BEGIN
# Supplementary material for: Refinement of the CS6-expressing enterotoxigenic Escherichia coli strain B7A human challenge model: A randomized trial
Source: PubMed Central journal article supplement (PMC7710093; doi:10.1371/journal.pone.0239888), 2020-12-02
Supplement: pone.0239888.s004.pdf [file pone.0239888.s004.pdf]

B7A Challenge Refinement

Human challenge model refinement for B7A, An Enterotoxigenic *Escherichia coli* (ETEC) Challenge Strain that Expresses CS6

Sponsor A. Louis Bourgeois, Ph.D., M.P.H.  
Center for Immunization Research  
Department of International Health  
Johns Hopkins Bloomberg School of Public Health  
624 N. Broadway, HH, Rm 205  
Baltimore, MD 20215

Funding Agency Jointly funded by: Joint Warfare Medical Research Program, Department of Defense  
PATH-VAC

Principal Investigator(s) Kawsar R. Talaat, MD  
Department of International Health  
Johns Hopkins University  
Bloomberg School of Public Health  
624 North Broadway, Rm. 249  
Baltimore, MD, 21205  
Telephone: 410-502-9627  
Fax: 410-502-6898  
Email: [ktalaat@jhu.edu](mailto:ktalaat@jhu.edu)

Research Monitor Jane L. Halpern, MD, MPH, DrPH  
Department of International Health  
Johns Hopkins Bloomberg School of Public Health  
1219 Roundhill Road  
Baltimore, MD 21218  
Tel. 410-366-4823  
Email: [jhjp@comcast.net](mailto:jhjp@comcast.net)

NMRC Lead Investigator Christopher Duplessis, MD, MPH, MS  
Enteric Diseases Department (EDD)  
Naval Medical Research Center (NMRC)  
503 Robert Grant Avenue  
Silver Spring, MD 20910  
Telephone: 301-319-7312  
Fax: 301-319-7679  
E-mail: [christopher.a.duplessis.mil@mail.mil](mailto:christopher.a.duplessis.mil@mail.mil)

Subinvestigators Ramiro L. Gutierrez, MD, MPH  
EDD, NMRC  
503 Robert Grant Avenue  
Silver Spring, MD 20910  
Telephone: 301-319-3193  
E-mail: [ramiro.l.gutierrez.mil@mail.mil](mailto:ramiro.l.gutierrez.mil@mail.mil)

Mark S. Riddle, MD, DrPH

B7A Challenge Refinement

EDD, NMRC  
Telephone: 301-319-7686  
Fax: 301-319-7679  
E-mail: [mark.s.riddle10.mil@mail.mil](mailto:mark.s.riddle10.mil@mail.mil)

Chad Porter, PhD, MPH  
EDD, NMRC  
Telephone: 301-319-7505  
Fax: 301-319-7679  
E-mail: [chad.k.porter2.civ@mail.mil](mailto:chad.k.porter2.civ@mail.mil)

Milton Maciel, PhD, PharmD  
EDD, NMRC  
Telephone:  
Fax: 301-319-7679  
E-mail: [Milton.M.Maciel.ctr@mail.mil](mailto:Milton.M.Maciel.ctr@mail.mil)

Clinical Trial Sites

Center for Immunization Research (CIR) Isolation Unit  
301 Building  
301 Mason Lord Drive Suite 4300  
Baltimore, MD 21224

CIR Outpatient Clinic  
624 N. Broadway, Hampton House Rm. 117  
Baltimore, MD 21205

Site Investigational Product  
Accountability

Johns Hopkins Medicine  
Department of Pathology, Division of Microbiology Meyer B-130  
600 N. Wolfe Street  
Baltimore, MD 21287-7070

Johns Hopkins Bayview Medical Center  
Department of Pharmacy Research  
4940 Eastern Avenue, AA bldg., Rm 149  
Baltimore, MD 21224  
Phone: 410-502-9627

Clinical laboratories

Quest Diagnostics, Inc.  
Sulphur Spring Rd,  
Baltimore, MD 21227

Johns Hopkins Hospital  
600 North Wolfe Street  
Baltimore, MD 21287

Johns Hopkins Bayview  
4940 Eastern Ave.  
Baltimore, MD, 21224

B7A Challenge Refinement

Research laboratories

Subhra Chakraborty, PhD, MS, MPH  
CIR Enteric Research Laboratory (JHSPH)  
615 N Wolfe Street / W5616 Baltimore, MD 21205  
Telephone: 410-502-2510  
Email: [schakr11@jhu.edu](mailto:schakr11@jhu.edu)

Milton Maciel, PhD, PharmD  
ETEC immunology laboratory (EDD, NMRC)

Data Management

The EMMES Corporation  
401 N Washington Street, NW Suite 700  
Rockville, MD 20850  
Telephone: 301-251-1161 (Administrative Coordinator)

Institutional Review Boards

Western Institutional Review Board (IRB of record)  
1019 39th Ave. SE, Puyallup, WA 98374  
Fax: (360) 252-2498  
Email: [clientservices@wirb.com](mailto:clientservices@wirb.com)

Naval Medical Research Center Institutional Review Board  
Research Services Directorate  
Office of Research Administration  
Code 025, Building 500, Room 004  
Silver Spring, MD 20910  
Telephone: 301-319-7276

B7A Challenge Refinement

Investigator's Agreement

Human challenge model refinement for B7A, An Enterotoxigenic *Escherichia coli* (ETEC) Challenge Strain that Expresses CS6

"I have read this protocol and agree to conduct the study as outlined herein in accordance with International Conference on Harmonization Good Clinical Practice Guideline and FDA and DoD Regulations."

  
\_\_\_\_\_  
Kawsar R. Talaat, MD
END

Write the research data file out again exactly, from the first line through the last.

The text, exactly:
# Supplementary material for: Refinement of the CS6-expressing enterotoxigenic Escherichia coli strain B7A human challenge model: A randomized trial
Source: PubMed Central journal article supplement (PMC7710093; doi:10.1371/journal.pone.0239888), 2020-12-02
Supplement: pone.0239888.s004.pdf [file pone.0239888.s004.pdf]

B7A Challenge Refinement

Human challenge model refinement for B7A, An Enterotoxigenic *Escherichia coli* (ETEC) Challenge Strain that Expresses CS6

Sponsor A. Louis Bourgeois, Ph.D., M.P.H.  
Center for Immunization Research  
Department of International Health  
Johns Hopkins Bloomberg School of Public Health  
624 N. Broadway, HH, Rm 205  
Baltimore, MD 20215

Funding Agency Jointly funded by: Joint Warfare Medical Research Program, Department of Defense  
PATH-VAC

Principal Investigator(s) Kawsar R. Talaat, MD  
Department of International Health  
Johns Hopkins University  
Bloomberg School of Public Health  
624 North Broadway, Rm. 249  
Baltimore, MD, 21205  
Telephone: 410-502-9627  
Fax: 410-502-6898  
Email: [ktalaat@jhu.edu](mailto:ktalaat@jhu.edu)

Research Monitor Jane L. Halpern, MD, MPH, DrPH  
Department of International Health  
Johns Hopkins Bloomberg School of Public Health  
1219 Roundhill Road  
Baltimore, MD 21218  
Tel. 410-366-4823  
Email: [jhjp@comcast.net](mailto:jhjp@comcast.net)

NMRC Lead Investigator Christopher Duplessis, MD, MPH, MS  
Enteric Diseases Department (EDD)  
Naval Medical Research Center (NMRC)  
503 Robert Grant Avenue  
Silver Spring, MD 20910  
Telephone: 301-319-7312  
Fax: 301-319-7679  
E-mail: [christopher.a.duplessis.mil@mail.mil](mailto:christopher.a.duplessis.mil@mail.mil)

Subinvestigators Ramiro L. Gutierrez, MD, MPH  
EDD, NMRC  
503 Robert Grant Avenue  
Silver Spring, MD 20910  
Telephone: 301-319-3193  
E-mail: [ramiro.l.gutierrez.mil@mail.mil](mailto:ramiro.l.gutierrez.mil@mail.mil)

Mark S. Riddle, MD, DrPH

B7A Challenge Refinement

EDD, NMRC  
Telephone: 301-319-7686  
Fax: 301-319-7679  
E-mail: [mark.s.riddle10.mil@mail.mil](mailto:mark.s.riddle10.mil@mail.mil)

Chad Porter, PhD, MPH  
EDD, NMRC  
Telephone: 301-319-7505  
Fax: 301-319-7679  
E-mail: [chad.k.porter2.civ@mail.mil](mailto:chad.k.porter2.civ@mail.mil)

Milton Maciel, PhD, PharmD  
EDD, NMRC  
Telephone:  
Fax: 301-319-7679  
E-mail: [Milton.M.Maciel.ctr@mail.mil](mailto:Milton.M.Maciel.ctr@mail.mil)

Clinical Trial Sites

Center for Immunization Research (CIR) Isolation Unit  
301 Building  
301 Mason Lord Drive Suite 4300  
Baltimore, MD 21224

CIR Outpatient Clinic  
624 N. Broadway, Hampton House Rm. 117  
Baltimore, MD 21205

Site Investigational Product  
Accountability

Johns Hopkins Medicine  
Department of Pathology, Division of Microbiology Meyer B-130  
600 N. Wolfe Street  
Baltimore, MD 21287-7070

Johns Hopkins Bayview Medical Center  
Department of Pharmacy Research  
4940 Eastern Avenue, AA bldg., Rm 149  
Baltimore, MD 21224  
Phone: 410-502-9627

Clinical laboratories

Quest Diagnostics, Inc.  
Sulphur Spring Rd,  
Baltimore, MD 21227

Johns Hopkins Hospital  
600 North Wolfe Street  
Baltimore, MD 21287

Johns Hopkins Bayview  
4940 Eastern Ave.  
Baltimore, MD, 21224

B7A Challenge Refinement

Research laboratories

Subhra Chakraborty, PhD, MS, MPH  
CIR Enteric Research Laboratory (JHSPH)  
615 N Wolfe Street / W5616 Baltimore, MD 21205  
Telephone: 410-502-2510  
Email: [schakr11@jhu.edu](mailto:schakr11@jhu.edu)

Milton Maciel, PhD, PharmD  
ETEC immunology laboratory (EDD, NMRC)

Data Management

The EMMES Corporation  
401 N Washington Street, NW Suite 700  
Rockville, MD 20850  
Telephone: 301-251-1161 (Administrative Coordinator)

Institutional Review Boards

Western Institutional Review Board (IRB of record)  
1019 39th Ave. SE, Puyallup, WA 98374  
Fax: (360) 252-2498  
Email: [clientservices@wirb.com](mailto:clientservices@wirb.com)

Naval Medical Research Center Institutional Review Board  
Research Services Directorate  
Office of Research Administration  
Code 025, Building 500, Room 004  
Silver Spring, MD 20910  
Telephone: 301-319-7276

B7A Challenge Refinement

Investigator's Agreement

Human challenge model refinement for B7A, An Enterotoxigenic *Escherichia coli* (ETEC) Challenge Strain that Expresses CS6

"I have read this protocol and agree to conduct the study as outlined herein in accordance with International Conference on Harmonization Good Clinical Practice Guideline and FDA and DoD Regulations."

  
\_\_\_\_\_  
Kawsar R. Talaat, MD